Microsoft has confirmed that it is no longer manufacturing the Xbox Kinect. Alex Kipman and Matthew Larsen (the guys behind the creation of Kinect) confirmed the news in an interview with Fastcodesign.
Microsoft will continue to support customers who bought Kinect though, but it’s unclear whether developer tools will remain supported.
The last version, the Kinect 2.0 which was intended to be automatically bundled with all Xbox One units received bad reviews because it takes a huge chunk of the device’s processing power. With its negative reviews, the accessory was removed from the bundle and remains as a standalone purchase. In the years since the sales have diminished, only three Kinect-specific games were released in 2017 and only 21 games for the Kinect in total.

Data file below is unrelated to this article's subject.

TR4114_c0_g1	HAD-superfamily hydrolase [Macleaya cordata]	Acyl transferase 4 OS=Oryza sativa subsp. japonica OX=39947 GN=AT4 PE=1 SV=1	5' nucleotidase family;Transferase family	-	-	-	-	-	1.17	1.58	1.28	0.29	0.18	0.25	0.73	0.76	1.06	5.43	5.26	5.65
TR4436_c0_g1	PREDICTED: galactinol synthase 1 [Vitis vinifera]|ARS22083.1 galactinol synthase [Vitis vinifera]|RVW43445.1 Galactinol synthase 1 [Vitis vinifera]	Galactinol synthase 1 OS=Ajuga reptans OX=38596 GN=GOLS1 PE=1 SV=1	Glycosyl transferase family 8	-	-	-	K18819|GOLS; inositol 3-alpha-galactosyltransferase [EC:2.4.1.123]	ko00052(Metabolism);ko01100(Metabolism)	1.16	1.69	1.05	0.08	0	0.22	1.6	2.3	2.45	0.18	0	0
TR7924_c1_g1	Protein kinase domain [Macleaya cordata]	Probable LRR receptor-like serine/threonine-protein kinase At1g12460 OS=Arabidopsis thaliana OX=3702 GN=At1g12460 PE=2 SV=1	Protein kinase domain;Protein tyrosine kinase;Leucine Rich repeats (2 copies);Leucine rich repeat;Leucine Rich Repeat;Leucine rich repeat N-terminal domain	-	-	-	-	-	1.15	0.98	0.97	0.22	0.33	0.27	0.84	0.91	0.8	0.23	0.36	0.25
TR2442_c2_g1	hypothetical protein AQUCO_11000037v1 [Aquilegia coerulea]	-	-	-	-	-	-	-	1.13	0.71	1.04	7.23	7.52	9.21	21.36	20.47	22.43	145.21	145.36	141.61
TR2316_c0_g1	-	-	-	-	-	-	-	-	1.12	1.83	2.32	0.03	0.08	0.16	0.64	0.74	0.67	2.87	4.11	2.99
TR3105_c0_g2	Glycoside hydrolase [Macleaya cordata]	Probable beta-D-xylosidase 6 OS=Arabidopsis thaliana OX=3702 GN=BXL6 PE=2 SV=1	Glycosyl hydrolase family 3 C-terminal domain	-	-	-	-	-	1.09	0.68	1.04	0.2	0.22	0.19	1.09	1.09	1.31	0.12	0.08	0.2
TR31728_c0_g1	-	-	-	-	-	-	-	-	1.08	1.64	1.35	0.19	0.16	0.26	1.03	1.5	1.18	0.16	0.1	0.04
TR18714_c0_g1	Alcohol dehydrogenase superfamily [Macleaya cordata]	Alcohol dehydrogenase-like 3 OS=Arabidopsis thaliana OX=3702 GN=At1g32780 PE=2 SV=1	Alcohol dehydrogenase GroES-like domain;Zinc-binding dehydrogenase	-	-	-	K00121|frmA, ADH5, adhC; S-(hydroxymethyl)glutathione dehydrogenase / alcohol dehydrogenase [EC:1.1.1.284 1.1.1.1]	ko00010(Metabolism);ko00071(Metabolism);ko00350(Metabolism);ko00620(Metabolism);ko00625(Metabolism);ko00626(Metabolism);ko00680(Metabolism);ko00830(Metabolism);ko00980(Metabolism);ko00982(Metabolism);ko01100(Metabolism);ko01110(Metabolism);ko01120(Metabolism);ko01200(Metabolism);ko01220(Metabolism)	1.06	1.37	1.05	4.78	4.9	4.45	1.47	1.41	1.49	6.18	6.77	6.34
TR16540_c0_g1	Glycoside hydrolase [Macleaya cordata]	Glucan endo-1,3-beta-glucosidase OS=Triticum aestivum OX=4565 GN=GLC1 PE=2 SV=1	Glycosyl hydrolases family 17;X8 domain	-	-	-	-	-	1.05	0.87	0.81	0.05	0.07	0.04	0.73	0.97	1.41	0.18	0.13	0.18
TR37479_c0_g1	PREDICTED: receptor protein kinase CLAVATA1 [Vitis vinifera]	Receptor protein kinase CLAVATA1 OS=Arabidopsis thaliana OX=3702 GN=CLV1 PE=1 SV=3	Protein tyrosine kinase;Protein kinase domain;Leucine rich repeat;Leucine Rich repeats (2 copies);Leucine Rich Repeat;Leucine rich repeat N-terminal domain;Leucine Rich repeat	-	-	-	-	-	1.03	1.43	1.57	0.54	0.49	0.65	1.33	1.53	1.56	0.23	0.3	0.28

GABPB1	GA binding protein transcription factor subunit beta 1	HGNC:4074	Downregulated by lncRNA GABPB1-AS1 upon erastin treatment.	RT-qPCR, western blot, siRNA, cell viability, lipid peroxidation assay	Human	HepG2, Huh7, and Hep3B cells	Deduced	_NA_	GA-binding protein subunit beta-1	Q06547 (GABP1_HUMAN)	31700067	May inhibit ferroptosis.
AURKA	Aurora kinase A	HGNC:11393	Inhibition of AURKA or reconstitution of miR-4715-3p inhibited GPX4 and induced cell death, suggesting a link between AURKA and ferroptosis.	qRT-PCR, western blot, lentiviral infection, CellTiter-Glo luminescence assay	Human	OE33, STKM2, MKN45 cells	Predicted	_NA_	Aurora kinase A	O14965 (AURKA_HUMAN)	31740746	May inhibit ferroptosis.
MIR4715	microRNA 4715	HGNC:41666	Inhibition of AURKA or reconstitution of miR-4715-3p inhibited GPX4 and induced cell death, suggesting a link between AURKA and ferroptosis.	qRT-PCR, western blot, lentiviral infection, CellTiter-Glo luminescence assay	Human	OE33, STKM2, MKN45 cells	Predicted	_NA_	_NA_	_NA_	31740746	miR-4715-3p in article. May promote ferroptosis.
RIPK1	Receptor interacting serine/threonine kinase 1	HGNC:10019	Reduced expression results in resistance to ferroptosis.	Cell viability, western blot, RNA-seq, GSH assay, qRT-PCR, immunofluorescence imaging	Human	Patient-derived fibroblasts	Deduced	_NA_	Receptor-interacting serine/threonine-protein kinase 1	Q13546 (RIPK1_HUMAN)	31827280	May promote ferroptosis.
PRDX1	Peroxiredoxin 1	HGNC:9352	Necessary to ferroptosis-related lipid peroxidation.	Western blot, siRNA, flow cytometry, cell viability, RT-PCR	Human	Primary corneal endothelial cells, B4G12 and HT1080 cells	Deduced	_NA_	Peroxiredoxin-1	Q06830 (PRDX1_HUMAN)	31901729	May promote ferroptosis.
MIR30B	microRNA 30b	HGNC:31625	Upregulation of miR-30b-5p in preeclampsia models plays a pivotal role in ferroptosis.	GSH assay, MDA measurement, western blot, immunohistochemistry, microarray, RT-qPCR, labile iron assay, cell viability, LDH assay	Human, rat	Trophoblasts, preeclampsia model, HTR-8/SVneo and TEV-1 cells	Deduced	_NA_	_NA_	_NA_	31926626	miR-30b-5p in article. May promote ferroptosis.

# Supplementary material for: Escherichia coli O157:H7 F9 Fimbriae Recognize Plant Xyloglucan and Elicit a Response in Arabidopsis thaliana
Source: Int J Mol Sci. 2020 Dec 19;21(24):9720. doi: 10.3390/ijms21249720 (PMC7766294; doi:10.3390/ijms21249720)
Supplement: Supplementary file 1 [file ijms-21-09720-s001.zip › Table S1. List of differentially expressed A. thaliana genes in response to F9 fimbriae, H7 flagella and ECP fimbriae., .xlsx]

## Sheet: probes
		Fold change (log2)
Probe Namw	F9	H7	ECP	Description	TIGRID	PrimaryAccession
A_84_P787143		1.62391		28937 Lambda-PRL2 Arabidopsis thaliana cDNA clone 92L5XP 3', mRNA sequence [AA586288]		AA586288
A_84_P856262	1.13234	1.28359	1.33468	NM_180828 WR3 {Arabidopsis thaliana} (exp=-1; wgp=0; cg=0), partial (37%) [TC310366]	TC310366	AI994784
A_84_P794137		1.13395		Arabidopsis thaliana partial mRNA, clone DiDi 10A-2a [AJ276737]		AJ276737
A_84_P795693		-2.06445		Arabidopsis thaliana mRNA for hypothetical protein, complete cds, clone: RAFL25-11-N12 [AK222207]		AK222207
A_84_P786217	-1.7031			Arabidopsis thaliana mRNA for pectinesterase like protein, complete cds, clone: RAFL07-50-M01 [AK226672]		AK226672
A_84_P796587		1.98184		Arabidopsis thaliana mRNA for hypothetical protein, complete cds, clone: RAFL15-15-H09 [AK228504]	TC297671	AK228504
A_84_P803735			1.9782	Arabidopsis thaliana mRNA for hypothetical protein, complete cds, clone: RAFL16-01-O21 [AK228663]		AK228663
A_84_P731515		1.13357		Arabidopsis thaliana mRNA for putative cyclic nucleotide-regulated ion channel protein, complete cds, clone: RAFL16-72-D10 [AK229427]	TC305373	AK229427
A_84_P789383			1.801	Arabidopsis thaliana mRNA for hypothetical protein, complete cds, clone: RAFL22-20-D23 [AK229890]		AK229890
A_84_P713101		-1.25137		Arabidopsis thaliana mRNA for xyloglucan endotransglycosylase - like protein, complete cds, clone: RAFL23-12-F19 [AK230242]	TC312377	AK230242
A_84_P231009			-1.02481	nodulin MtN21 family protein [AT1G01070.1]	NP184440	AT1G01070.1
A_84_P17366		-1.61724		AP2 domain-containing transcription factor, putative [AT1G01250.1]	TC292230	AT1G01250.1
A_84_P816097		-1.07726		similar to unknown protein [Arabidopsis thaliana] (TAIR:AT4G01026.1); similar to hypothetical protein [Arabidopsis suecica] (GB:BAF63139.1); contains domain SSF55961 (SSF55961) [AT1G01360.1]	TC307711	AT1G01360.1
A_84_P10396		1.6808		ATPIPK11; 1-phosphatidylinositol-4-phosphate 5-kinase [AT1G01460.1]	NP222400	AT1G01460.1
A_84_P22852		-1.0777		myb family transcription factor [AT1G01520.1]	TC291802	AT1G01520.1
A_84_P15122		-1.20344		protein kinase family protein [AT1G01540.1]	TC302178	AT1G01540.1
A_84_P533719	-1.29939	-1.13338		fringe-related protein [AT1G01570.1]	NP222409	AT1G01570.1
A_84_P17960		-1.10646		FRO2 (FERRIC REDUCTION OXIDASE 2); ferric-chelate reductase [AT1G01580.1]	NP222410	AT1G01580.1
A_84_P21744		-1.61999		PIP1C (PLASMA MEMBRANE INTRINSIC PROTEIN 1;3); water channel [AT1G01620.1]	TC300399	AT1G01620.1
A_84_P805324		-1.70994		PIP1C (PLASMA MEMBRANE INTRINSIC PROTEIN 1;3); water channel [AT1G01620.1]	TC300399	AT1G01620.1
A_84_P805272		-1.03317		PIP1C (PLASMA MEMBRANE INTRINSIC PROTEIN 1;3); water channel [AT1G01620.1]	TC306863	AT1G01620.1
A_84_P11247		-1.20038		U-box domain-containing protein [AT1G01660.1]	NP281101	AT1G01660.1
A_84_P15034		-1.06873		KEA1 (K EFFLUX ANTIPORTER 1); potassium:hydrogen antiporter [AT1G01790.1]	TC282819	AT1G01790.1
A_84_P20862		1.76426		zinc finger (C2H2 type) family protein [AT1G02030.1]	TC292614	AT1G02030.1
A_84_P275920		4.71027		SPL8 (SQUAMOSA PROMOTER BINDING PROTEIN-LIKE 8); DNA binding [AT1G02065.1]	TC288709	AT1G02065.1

That’s not to say the Kinect wasn’t a rousing success in its time. The device was truly revolutionary when it debuted in 2010 and the company managed to move around 35 million units. The product’s depth sensing and voice recognition ushered in a new era of interactive gaming, going well beyond what Nintendo had managed with its Wiimotes, four years prior.
The power of the Kinect also extended well beyond the console. It was a relatively cheap, accessible and became a favorite of the DIY community, spawning a sub-genre of Kinect hacks. For a while, the things were popping up in the most unexpected places. Over the years, a number of universities have used Kinects for everything from 3D scanning to robotic vision. In 2012, in the set of Laika’s stop-motion film, ParaNorman, a Kinect being used for production.
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This may be the end for the Kinect as an accessory; however the technology will live on. The software originally created for Kinect has gone on to power Microsoft’s Cortana personal assistant, Windows’ facial ID system, and the Microsoft HoloLens project.